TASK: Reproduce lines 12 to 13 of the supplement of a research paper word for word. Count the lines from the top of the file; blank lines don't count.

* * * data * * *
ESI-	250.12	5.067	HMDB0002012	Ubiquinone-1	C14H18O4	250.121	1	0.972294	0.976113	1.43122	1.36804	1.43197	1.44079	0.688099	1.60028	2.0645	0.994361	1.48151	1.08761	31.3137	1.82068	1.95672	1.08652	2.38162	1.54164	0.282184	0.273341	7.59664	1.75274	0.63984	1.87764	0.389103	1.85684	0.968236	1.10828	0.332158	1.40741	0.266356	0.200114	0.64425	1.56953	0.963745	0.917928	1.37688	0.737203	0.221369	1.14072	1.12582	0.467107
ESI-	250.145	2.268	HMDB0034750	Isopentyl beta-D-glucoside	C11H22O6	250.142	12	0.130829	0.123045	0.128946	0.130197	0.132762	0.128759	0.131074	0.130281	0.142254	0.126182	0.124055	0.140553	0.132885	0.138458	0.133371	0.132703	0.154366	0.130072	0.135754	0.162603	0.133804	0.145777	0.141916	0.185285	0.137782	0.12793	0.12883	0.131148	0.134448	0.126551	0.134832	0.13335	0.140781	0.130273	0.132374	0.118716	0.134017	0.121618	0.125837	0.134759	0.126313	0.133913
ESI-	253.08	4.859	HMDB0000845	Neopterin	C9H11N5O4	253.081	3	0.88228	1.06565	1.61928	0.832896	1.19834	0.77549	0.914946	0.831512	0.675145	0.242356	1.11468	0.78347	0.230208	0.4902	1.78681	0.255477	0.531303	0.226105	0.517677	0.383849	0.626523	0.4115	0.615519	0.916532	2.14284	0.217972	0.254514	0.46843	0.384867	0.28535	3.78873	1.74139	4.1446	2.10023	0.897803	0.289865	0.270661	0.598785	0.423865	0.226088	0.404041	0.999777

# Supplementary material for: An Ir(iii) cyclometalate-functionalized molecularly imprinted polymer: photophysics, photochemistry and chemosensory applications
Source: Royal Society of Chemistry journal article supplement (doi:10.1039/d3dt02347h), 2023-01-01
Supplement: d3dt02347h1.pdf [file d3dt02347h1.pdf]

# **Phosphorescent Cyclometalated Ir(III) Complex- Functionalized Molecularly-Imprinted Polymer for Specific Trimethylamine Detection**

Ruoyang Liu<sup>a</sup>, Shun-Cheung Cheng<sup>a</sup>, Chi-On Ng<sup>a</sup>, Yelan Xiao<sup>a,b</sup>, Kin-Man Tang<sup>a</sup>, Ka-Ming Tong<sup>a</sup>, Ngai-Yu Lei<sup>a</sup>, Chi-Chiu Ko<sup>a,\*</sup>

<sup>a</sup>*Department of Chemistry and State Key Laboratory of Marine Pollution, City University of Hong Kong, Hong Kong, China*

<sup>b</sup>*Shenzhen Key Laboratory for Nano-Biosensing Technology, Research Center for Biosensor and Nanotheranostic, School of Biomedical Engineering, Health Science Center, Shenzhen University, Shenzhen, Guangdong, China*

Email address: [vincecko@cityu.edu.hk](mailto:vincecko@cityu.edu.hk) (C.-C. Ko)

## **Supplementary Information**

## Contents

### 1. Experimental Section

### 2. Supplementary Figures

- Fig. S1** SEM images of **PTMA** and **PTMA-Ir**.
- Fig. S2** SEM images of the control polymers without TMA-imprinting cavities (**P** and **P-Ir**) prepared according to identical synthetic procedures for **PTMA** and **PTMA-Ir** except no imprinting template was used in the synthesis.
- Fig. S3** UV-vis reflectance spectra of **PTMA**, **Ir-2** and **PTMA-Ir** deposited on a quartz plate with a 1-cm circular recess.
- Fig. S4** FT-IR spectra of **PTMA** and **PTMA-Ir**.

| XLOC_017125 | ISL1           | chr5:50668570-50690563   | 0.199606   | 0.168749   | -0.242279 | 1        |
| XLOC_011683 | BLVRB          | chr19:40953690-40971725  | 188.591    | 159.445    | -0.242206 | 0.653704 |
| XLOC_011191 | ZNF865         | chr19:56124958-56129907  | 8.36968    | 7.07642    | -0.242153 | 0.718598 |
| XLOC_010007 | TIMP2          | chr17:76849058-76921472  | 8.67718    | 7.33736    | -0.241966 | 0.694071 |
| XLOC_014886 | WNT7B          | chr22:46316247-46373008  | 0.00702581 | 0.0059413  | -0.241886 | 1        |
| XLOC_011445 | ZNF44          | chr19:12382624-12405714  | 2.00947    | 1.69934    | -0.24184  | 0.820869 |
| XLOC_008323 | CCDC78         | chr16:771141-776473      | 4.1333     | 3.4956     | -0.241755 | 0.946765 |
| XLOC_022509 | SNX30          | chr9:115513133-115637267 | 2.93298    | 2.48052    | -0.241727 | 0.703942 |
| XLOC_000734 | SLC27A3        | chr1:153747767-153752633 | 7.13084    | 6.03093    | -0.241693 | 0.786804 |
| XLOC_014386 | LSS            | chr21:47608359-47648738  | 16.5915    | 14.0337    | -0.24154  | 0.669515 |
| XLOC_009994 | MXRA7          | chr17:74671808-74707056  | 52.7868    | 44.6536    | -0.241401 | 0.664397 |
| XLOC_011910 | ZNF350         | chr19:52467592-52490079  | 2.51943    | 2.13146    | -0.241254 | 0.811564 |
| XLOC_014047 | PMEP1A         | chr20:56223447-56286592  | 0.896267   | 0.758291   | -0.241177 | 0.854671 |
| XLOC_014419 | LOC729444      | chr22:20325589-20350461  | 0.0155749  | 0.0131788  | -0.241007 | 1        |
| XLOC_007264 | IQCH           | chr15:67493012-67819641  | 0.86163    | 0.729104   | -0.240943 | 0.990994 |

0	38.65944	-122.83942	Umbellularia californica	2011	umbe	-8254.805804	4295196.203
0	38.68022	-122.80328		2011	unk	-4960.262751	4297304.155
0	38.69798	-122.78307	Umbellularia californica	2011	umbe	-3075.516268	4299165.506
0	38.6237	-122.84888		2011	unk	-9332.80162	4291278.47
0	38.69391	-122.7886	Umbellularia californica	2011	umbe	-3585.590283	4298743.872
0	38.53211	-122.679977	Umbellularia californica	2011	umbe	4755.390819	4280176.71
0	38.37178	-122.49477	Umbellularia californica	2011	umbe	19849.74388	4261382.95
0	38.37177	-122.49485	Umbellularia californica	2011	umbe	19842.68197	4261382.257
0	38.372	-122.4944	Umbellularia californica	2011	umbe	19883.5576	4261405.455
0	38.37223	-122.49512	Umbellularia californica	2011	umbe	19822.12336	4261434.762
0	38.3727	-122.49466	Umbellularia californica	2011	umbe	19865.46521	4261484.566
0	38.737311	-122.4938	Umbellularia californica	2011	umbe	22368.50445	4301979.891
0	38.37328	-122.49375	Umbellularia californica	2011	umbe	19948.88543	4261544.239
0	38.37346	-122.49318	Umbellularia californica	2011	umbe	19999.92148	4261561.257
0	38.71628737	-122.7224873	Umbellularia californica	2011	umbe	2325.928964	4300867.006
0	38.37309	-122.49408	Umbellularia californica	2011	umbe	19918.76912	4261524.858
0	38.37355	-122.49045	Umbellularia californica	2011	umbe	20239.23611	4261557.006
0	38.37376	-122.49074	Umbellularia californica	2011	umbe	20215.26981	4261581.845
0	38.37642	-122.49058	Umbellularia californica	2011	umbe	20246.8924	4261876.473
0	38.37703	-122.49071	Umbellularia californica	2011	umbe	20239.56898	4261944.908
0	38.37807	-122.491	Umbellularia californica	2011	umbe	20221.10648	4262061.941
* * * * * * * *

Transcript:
## **Supplementary Information**

## Contents